Predictably, the only idea that kept surfacing in my mind over and over again was an olive in different variations.
Reviewing my work, I don’t like anything. Why was it that I had gotten so excited about when I received this project?
I sent the entire collage to a colleague, as a test.
“What do you see here”? was my question.
Her answer surprised me greatly and helped me see the logo from the perspective of an outsider.
“Looks like something nutritious, natural, maybe creams (for the body/face?), or quality olive oil?”
I informed her that I was disowning her as friend.
After a square of chocolate, I felt ready to tackle the challenge again. Then it hit me:
The combination of the word Olive and the clean, upscale design draws people directly into the world of grooming, soaps, and nourishing creams.
See inspirations I collected
I realized that I needed to distance myself from the soaps and grooming look as much as possible. I upgraded the sketches that I’d already developed a liking for. (A huge mistake, by the way: speaking from experience, a designer should not admire his work before it is finalized by the client.)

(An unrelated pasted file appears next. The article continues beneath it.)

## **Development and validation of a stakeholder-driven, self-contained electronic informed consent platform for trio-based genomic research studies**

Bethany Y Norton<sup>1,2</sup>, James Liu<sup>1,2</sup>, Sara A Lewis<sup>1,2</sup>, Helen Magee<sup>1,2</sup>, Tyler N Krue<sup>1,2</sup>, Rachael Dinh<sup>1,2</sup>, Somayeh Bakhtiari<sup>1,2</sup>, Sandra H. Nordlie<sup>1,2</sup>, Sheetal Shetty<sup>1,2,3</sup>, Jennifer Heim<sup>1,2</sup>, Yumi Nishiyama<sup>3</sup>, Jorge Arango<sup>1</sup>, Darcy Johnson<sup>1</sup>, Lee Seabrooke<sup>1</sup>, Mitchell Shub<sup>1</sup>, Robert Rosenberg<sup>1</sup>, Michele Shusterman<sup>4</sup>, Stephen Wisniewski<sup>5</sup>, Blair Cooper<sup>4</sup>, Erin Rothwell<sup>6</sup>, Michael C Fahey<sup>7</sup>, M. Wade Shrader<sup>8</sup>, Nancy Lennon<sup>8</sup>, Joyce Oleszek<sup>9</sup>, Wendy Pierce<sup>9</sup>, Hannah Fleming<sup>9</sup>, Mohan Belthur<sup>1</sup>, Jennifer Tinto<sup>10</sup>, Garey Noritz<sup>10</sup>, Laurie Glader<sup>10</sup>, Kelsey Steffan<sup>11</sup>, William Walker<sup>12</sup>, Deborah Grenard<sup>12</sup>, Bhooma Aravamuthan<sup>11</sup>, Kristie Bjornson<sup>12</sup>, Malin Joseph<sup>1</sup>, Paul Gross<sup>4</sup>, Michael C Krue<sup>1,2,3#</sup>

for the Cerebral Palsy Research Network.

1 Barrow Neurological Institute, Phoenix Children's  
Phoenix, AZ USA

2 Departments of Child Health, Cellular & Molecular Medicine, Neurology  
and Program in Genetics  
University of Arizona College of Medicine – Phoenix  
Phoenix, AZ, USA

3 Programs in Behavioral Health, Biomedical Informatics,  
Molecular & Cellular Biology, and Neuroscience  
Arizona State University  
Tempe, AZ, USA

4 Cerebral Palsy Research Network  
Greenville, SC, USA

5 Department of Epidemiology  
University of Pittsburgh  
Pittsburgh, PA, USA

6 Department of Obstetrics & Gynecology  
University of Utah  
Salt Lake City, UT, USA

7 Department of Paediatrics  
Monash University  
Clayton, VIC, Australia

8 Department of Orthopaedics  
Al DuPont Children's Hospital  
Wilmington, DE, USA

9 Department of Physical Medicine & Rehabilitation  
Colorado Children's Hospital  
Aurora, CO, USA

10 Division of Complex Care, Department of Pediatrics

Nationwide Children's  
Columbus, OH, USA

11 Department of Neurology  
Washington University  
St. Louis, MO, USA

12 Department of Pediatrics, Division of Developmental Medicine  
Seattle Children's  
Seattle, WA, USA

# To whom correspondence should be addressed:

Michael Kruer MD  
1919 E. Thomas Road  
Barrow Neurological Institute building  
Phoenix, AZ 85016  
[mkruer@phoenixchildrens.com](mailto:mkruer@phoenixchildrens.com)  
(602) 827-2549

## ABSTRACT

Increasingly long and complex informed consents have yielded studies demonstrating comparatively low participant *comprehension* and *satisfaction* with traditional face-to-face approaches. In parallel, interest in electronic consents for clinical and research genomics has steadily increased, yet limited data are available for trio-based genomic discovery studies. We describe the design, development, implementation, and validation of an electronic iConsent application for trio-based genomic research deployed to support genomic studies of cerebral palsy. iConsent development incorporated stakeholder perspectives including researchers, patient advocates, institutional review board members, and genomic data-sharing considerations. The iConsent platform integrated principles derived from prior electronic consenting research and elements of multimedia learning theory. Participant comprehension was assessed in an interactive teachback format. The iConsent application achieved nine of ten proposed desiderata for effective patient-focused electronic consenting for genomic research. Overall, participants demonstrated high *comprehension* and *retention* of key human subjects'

I introduced the color red in order to move away from the grooming world and get closer to the food world, but I retained the minimalistic design. I inserted a jar into the logo, intending to portray pickled products.
I was so busy, so immersed in my work that I forgot that there are a variety of jars in the world, with a variety of contents. Not necessarily food …
I emailed my colleague again (yes, the one I was no longer friends with).
“It’s beautiful and elegant, but if the stuff this store sells is very tasty and not just pretty, then this logo isn’t a fit. It doesn’t taste good to me.”
Terrible, right? But that is exactly why I am her friend.
Looking back, I agreed with her that the logo seemed to be of a particularly high-quality poison … especially the one with the jar.
After some more experiments that all led to the same frustrating results - beautiful logos, but not talking to our taste buds - I decided to try adding seasoning and juiciness.
But then, guess what? The prestigious look was gone.
I mean, not really, because I had kept the lines very clean, but the elegance I was aiming for eluded me.
I felt like a yoyo.
If I tugged in one direction, there was a hole in the other. Whichever way I sliced it, something was missing.